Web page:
Hey people, I have some questions regarding adverbial clauses. I know when they function as advebrial clauses, but I have a problem when they are placed as subject. For instance, I found an example like this in this forum:

Where the competition was held is really far away.

Where the competition was held, I can't really tell.

There, the difference is striking. Those examples regarding the "transformation", if you will, of an adv clause of place into a noun clause. Can you please give me more examples like this one, but using different types of adverbial clauses, such as manner, concession or even condition, and their "transformation" into noun clauses?

The subject of your sentence is 'Where the competition was held', Anon. The word 'where' functions as a pronoun meaning 'the place in which'.

You could reword your sentence like this:

The place/location in which the competition was held is really far away.

The underlined part of the sentence above is the complete (complex) subject of the sentence, and the part in boldface type is the simple subject.
AnonymousWhere the competition was held is really far away.
These sorts of constructions form an entire series of possibilities. They are all based on interrogative expressions (who?, what?, when?, etc.)

Person. Who he was calling did not interest me. (the person who)

Thing. What he did was astonishing. (the thing which)

Place. Where he went was near the post office. (the place where)

Time. When he was supposed to arrive was kept secret. (the time when)

Reason. Why he said it like that was puzzling. (the reason why)

Purpose. Why he stood on the stool was to reach the top shelf. (the purpose for which)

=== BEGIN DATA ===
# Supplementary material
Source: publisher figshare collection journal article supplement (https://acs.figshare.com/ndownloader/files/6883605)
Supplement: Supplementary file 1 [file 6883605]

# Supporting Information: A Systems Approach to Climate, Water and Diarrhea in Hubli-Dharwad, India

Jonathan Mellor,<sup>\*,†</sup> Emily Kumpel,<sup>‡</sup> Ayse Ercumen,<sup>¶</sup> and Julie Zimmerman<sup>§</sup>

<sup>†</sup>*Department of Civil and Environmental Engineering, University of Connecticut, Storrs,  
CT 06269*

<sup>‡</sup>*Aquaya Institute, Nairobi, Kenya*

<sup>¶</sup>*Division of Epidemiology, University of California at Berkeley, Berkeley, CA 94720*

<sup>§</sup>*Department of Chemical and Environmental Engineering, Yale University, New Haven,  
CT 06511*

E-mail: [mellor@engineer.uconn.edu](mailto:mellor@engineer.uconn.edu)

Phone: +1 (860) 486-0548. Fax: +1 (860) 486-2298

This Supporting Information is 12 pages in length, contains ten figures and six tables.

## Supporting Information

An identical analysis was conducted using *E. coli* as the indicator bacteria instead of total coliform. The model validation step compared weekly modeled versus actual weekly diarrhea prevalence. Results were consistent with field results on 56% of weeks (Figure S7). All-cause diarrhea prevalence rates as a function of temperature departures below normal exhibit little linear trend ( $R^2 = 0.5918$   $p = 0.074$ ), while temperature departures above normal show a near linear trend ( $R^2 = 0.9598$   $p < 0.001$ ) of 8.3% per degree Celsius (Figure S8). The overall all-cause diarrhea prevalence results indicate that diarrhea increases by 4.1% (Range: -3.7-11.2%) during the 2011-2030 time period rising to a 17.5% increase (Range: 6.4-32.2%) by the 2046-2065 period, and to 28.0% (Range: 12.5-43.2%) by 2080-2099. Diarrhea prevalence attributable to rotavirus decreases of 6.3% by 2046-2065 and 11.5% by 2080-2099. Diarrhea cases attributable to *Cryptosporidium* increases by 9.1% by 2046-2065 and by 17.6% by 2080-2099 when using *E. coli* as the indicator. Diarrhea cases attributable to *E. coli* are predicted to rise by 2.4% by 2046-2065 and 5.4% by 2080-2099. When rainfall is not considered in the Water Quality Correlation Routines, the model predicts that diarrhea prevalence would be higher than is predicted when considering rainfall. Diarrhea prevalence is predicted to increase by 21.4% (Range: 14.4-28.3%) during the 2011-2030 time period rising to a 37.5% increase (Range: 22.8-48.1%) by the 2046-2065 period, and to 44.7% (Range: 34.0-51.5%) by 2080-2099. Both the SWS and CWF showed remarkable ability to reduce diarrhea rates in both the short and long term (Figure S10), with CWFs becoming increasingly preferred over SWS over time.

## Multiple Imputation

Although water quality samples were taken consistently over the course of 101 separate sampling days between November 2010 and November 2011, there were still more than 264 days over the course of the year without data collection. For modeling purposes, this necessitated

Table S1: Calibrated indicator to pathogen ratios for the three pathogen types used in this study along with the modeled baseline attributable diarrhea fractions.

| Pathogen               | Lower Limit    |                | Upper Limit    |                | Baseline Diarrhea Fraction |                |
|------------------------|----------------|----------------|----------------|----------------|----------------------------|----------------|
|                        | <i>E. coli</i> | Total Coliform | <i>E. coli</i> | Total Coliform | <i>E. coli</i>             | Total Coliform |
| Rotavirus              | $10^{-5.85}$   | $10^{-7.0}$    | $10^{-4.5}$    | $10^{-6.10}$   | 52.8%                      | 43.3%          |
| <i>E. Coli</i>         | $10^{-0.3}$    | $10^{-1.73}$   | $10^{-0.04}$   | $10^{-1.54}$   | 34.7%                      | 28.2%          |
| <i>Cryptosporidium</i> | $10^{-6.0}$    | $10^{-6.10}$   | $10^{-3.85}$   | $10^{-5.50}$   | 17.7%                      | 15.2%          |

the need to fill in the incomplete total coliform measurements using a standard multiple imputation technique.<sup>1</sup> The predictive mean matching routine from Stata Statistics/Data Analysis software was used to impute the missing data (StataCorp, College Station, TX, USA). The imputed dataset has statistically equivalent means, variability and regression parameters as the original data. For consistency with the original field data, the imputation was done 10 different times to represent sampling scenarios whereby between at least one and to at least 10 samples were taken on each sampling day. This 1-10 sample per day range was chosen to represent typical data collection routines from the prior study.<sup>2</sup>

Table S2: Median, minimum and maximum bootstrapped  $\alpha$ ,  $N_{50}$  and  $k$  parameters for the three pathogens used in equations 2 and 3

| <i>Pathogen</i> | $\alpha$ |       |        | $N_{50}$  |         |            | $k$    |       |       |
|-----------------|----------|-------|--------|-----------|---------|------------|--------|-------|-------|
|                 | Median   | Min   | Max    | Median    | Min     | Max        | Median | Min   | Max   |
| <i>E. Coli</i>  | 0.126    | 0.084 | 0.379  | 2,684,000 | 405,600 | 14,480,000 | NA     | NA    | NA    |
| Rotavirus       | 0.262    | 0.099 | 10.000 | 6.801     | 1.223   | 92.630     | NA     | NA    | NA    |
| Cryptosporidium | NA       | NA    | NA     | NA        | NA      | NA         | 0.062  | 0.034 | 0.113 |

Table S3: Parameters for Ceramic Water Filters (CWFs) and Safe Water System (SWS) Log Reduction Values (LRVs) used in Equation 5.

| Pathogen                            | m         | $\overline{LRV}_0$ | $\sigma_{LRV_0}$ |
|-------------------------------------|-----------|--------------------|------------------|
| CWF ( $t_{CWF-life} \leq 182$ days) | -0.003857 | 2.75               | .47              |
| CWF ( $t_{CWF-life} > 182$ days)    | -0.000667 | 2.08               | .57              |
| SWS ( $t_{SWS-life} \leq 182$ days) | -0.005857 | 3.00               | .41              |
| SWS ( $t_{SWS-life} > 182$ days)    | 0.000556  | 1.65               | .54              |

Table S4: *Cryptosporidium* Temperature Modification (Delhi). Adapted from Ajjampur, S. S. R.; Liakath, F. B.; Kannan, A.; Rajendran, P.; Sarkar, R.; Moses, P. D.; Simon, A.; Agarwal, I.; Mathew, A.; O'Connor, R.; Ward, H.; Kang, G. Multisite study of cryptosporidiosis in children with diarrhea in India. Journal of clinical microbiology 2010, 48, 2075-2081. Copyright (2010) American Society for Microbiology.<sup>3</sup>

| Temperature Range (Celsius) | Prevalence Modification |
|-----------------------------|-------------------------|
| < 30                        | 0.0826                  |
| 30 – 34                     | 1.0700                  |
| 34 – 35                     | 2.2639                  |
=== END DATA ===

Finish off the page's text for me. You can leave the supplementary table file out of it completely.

Manner. How he solved the problem was quite ingenious. (the way that; the manner in which)

Countable quantity.
How many he took was shocking. (the number that)

Uncountable quantity.
How much he paid was no surprise. (the amount that)

Whether (yes or no).
Whether he liked it was unknown. [no alternate]

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I think you are asking a rather vauge and undefined question as far as my view point goes. What you showed here doesn't seem to have any shape or form of an adverbial in my opinion. I am not sure what it is but it does have some resemblance of a relative clasue. Can you redefine your question?
thanks for answering! My teacher will be evaluating me on nominal functions. If I am not mistaken, those functions are the ones of the nouns, such as Subject, Direct Object, Subjective Complement and Objective complement.

The thing is that she will ask me "differences between noun clauses and adverbial clauses". The noun clauses can work in the categories I listed above. The adverbial clauses... how do they work? Are they subordinate clauses? Is there any chance that an adverbial clause can work in the same categories of a noun clause?

Hope my writing this will help you to understand my inquiries! thank you very much!!
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